Unique mechanical and structural properties arise from silk fibroin-based materials when these proteins are rendered water-insoluble through a process that results in the collapse of the linearized protein into beta sheet structures resulting in nanocrystalline domains within the tertiary structure. We are leveraging these mechanical and structural properties to create useful silk biomaterial-based culture platforms for investigating mechanisms of disease as well as developing implantable biomaterials for applications in rehabilitative engineering.
However, in the biomaterials community, it is often difficult to quantify the term “useful.” Thus, recent work has focused on improving predictive material design through kinetic modeling of silk biomaterial degradation in vitro as a fucntion of nanocrystaline domains and addition of secondary components, such as extracellular matrix, to the silk biomaterial formulation.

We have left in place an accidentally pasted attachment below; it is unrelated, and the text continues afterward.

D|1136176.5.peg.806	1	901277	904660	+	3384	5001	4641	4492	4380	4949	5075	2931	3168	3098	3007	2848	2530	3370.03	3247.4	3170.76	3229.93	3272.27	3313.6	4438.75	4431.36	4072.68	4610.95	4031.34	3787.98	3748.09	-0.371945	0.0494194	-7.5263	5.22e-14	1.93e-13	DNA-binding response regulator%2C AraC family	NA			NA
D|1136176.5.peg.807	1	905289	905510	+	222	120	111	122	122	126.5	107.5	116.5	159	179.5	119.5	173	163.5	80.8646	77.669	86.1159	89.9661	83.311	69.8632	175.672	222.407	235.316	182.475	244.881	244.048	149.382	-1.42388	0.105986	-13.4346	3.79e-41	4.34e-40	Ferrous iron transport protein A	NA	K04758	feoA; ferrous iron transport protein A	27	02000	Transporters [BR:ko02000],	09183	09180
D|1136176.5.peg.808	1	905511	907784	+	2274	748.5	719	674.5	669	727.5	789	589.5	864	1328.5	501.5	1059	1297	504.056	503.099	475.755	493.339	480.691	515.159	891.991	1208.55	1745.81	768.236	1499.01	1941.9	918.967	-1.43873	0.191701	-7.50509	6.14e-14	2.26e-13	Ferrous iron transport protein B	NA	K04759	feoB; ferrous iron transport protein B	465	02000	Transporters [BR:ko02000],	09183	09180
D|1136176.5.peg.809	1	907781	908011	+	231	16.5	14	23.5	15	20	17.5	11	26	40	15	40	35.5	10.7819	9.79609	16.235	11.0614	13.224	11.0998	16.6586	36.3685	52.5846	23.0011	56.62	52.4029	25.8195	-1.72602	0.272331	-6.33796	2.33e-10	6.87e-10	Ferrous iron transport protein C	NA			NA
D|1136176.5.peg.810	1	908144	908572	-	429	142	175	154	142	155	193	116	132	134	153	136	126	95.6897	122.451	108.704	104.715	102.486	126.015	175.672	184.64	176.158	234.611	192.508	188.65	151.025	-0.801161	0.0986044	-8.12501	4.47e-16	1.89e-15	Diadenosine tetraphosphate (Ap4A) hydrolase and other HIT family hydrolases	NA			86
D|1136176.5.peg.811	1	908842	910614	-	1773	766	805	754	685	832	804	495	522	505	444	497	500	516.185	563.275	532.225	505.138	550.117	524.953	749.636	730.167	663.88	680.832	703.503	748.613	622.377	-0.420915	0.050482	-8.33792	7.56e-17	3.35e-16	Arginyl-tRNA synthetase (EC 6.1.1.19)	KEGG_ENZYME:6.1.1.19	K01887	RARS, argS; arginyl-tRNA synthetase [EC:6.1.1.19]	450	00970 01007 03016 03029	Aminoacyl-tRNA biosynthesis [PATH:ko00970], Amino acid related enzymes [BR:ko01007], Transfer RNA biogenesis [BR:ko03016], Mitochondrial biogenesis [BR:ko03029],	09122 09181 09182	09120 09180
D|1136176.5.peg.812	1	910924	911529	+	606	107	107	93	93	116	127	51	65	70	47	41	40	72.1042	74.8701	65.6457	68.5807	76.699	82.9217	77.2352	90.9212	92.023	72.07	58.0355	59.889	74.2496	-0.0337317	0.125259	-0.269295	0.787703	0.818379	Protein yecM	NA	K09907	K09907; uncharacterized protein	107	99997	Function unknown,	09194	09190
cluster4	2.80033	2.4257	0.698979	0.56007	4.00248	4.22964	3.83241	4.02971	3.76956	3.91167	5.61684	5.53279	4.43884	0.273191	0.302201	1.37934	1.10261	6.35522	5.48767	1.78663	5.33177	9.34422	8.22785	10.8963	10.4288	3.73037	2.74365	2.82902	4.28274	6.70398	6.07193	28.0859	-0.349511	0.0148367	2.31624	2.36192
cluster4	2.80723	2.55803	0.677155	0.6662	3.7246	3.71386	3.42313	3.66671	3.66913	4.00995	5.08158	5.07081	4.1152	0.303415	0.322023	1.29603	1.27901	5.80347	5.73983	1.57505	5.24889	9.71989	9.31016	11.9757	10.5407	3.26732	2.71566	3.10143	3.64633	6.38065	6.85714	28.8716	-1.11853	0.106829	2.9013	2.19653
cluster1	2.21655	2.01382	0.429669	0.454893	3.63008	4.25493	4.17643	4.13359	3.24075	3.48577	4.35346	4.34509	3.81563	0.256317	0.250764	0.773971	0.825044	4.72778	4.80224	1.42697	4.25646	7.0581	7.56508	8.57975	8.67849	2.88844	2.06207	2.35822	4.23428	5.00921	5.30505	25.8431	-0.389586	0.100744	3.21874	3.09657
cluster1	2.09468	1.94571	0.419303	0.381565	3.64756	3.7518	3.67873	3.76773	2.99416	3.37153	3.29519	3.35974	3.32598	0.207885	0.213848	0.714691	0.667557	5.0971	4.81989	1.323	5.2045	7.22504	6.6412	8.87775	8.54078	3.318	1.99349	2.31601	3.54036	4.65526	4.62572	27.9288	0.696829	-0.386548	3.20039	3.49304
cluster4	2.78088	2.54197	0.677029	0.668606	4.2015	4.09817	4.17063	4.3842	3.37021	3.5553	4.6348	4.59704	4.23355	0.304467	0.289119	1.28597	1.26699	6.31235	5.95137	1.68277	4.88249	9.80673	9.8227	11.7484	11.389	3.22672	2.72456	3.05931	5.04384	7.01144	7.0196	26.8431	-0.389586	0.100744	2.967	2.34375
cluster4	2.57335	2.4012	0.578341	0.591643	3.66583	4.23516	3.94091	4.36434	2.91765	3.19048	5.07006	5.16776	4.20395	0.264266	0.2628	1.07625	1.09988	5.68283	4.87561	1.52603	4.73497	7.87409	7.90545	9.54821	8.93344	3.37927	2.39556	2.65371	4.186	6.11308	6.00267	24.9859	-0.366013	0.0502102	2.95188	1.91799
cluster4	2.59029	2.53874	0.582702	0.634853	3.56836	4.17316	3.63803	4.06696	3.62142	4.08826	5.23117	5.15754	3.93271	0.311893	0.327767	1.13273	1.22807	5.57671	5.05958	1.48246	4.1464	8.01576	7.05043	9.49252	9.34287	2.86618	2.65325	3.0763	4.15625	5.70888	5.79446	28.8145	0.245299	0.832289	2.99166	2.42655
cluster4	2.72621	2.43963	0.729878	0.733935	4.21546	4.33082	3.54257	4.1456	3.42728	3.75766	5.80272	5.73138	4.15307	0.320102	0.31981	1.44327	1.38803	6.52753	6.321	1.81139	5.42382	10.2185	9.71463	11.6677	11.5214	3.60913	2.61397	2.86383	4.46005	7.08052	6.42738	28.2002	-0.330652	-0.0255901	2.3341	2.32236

This work, coupled with the investigation of growth factor delivery and in vivo cell infiltration, sheds light on the influence of silk fibroin protein structure on in vitro and in vivo material performance based on intial material formulations. Our results aid in the reduction of biomaterial formulation optimiation using a “guess and check” strategy. On-going work by Stoppel Lab PhD student Julie Jameson, in collaboration with a PhD student in the Zare Lab in UF ECE, Joshua Peeples, takes this a step further using machine learning to evaluate key parameters of biomaterial performance following implantation, such as degradation rate and adipose tissue accumulation, as we aim to build tools and methods to quantitatively assess biomaterial performance in vivo.